It might not look like much now, but when Fred Sims Jr. looks across the vast, empty fields bordering Jimmie Dyess Parkway all he sees is potential.
"It's kind of exciting to see what it used to be and where it is now," Mr. Sims said. "It's taken years to get it to where we have it now."
What it used to be was 1,700 acres of undeveloped clay fields owned by Georgia Vitrified Clay Co., of which Mr. Sims' family is the majority stakeholder.
Now that a 3.6-mile expressway runs through the middle of the land, it's prime for substantial residential, office and retail growth.
Jimmie Dyess Parkway, which opened in 1998, was built as a quick connector between Fort Gordon's Gate 1 and the Belair Road exit of Interstate 20.
It cut a swath right through the middle of the clay fields and now brings more than 9,200 cars daily past the family's land.
In 1992, the family sold off the Harlem-based mining operation. "We're a land-holding company now," Mr. Sims said.
The family created a master plan that divides the land into different uses, from light industrial deep inside the property, to commercial lots along the highway's frontage.
Because Jimmie Dyess was intended to be a short expressway, the Department of Transportation granted only one median cut on the road. At that intersection, the Simses set aside 50 acres zoned for commercial use. The area, called Dyess Park, is divided into 19 plots.
"You've got to start somewhere when you've got 1,700 acres," said Matt Mills, an agent for Blanchard and Calhoun Commercial Corp. who is marketing the property for the Simses.
"We started with the commercial lots and sold some residential."
Last year, the county extended utilities to the area, and the family spent $750,000 to pave an access road off Jimmie Dyess and a side road to connect the lots.
Three of the tracts in the park, a total of 8.7 acres, have been sold, and construction on the first office building is expected to start in June.
"I think once we start building out there, it's going to go quick," said Bryan Tuschen, who purchased 3.2 acres in the park in November.
Mr. Tuschen already has a financial services company lined up to occupy a 5,000-square-foot office building in what will be his Freedom Park Executive Center. First Command Financial Planning, currently on Davis Drive, had been looking for space closer to Fort Gordon because the company's clients are primarily military personnel.
Mr. Mills said he expects interest in the lots, which range in price from $26,000 to $320,000 an acre, to pick up substantially once the first office buildings are built.
Local hotel developer A.K. Gulati also has purchased two parcels, or 5 1/2 acres, in the park. He said he is considering putting a hotel in the space but added that he intends to wait for another year or two while he finishes construction of another hotel on Belair Road.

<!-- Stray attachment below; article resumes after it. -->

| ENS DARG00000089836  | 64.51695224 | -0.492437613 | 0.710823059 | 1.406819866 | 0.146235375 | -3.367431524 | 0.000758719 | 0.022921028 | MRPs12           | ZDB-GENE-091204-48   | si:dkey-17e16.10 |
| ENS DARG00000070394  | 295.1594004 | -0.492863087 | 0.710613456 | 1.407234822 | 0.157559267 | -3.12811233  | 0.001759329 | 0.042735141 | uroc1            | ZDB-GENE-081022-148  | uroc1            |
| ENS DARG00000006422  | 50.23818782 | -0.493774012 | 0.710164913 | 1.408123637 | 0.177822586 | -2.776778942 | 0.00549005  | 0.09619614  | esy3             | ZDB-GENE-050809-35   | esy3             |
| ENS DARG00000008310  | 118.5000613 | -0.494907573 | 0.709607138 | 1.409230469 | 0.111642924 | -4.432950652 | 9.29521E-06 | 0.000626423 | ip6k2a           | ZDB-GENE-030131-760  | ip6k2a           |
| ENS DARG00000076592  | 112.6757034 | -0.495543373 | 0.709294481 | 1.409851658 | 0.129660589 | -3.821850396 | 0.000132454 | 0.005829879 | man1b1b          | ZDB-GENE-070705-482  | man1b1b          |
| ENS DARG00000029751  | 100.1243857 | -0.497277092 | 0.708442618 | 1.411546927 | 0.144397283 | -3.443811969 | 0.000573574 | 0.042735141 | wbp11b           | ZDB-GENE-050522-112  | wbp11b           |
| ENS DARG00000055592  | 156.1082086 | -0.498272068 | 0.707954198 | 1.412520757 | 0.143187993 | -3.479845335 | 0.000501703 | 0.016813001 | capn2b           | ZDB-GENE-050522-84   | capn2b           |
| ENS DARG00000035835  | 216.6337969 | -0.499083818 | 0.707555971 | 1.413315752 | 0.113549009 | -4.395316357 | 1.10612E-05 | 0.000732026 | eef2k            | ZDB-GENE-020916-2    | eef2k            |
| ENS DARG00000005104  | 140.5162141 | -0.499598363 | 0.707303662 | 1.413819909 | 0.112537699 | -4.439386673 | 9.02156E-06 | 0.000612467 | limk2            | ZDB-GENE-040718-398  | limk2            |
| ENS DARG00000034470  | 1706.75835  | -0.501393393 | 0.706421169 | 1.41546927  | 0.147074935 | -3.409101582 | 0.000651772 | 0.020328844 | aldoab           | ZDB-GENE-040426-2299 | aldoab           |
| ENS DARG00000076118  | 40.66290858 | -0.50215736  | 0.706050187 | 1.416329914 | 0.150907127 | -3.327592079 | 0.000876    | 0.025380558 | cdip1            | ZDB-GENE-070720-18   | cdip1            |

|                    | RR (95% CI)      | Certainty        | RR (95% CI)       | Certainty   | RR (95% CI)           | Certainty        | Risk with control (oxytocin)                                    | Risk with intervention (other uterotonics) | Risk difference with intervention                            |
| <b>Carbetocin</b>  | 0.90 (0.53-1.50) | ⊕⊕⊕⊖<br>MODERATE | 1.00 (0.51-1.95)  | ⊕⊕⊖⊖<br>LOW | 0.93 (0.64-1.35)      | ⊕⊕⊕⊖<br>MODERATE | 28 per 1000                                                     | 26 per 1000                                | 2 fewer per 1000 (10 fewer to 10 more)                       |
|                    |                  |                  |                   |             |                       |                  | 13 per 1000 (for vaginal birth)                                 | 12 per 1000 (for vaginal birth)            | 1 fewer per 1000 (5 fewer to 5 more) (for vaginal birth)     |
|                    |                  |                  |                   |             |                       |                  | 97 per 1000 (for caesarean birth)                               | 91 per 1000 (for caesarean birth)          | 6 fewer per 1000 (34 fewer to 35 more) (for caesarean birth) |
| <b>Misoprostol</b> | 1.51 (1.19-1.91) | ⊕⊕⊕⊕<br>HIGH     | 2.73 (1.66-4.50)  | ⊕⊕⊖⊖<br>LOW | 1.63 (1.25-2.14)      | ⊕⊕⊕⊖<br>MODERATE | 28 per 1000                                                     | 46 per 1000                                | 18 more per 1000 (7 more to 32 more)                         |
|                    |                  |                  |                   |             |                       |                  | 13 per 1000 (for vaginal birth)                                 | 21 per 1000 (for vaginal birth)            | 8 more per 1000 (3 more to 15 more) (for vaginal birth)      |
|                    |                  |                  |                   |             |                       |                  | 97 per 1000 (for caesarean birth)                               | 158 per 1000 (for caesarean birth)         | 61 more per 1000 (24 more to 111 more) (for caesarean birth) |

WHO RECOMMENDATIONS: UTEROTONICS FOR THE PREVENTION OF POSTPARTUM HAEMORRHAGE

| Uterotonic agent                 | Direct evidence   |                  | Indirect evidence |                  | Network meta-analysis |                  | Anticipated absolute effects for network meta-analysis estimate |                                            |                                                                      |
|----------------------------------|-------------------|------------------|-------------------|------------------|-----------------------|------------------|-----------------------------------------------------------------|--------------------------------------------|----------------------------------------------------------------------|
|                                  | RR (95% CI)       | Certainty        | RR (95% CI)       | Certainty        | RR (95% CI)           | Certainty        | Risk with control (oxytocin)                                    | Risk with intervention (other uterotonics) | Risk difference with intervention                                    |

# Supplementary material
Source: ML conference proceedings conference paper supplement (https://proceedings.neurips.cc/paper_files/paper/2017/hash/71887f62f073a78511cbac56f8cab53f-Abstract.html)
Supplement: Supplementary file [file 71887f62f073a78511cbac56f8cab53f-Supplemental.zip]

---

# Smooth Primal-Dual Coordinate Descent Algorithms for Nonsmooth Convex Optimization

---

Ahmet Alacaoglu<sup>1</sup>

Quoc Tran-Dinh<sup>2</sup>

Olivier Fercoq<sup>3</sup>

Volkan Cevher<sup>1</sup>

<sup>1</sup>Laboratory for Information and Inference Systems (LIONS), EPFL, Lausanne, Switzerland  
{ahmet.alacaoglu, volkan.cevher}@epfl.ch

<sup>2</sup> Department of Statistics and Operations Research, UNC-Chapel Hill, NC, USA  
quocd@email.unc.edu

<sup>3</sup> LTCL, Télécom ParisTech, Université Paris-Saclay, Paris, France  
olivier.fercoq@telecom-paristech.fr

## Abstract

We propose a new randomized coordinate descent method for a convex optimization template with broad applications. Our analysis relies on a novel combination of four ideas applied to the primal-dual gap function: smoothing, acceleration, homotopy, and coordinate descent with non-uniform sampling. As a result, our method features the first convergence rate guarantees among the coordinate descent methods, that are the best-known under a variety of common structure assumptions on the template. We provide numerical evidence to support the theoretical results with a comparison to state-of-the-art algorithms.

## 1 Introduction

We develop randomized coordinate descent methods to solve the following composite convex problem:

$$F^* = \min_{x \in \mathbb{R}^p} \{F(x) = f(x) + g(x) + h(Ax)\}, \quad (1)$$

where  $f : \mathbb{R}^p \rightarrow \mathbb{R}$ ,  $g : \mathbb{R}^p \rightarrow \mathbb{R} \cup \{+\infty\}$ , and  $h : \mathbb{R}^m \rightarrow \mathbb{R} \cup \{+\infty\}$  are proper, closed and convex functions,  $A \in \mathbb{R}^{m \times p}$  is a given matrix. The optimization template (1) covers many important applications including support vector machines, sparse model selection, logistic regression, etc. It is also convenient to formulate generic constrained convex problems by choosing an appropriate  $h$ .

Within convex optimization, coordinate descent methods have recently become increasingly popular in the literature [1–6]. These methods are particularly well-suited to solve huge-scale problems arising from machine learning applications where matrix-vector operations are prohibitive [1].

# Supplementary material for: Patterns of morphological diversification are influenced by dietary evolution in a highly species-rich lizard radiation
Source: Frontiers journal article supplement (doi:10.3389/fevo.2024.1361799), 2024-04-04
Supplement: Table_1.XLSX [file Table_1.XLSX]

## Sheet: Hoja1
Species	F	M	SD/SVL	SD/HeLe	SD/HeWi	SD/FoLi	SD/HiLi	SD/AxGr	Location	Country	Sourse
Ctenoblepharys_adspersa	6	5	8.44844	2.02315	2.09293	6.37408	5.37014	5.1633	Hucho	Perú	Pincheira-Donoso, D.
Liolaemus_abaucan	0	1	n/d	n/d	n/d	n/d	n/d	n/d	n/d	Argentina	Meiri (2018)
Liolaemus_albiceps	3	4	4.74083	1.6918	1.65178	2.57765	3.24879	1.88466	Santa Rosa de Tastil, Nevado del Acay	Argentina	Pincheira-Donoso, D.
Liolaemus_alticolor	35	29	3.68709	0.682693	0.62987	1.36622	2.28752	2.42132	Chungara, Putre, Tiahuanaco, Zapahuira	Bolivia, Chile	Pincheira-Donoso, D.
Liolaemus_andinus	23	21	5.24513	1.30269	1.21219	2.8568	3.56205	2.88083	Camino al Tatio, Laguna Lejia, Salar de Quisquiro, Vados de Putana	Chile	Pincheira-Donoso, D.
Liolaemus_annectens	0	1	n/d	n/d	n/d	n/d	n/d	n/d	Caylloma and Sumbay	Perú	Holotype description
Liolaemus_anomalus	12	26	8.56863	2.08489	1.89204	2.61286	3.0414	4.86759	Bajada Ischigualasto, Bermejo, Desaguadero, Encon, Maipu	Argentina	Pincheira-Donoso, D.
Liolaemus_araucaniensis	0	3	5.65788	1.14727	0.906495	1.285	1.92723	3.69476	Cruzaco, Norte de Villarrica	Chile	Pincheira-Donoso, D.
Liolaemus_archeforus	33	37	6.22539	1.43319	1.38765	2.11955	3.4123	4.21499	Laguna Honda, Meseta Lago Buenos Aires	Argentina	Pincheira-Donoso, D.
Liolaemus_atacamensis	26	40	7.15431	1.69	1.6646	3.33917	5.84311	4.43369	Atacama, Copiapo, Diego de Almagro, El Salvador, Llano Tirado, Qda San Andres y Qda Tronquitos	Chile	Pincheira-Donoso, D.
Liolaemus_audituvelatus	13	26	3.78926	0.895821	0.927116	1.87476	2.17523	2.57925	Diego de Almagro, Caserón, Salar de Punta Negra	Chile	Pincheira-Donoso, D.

He said he bought the land last year because of the residential growth in the area.
"It needs something commercial," he said.
While their marketing brochure highlights the Dyess Park project, the Simses have not limited themselves to commercial development. They also sold 85 acres to Nordahl Realty Inc. last year for a new subdivision behind the planned commercial park.
Construction on the Breckenridge subdivision is expected to start later this month. It will have 230 brick, ranch-style homes ranging in price from $100,000 to $150,000, said Joe Croft, Nordahl's vice president of sales and marketing.
Farther down Jimmie Dyess and across Gordon Highway, another segment of the family's land was sold to developers who are building upscale modular homes.
Southeastern Family Homes, Inc. is developing the 70-acre BelfairLakes east of Gate 1. The subdivision will include about 90 homes, each on 100-foot lots and with brick foundations, said Victor J. Mills, CEO of Southeastern Family Homes. Mr. Mills also is president of Blanchard & Calhoun Commercial Corp.
Even with the spurt of transactions last year, the Simses still have a lot of land available. But the family would rather sell methodically than hack off pieces of the property to the first buyers and risk a hodgepodge of uncontrolled development.
Augusta Planning Director George Patty said the family's master plan was a good idea.
"We're glad to see anybody, any large landowner, have an overall plan for the property and implement that plan in pieces," he said.
The Simses have included architectural controls in their contracts, stipulating that builders use masonry, such as brick or stucco, for the office and retail structures. They also want to keep out businesses that traditionally gravitate toward military bases, namely pawn shops and tattoo parlors.
"Augusta needs something nice," Mr. Sims said. "Hopefully, if we do it right rather than chopping it up or junk it up, we can make this something Augusta will be proud of."
Mr. Sims said he would eventually like to see a large retail space develop inside the commercial park, with a grocery store or Wal-Mart as the anchor tenant. But he said that would not happen until after enough residential space has filled in, several years down the road.
Mr. Mills said he thinks the area could become the city's next major section of development because of its access to Fort Gordon and the interstate.
"We just market it as hard as we can to anyone we can think of," he said. "I may be contacting a gas station one day and an apartment developer the next."
Reach Vicky Eckenrode at (706) 823-3227 or firstname.lastname@example.org.
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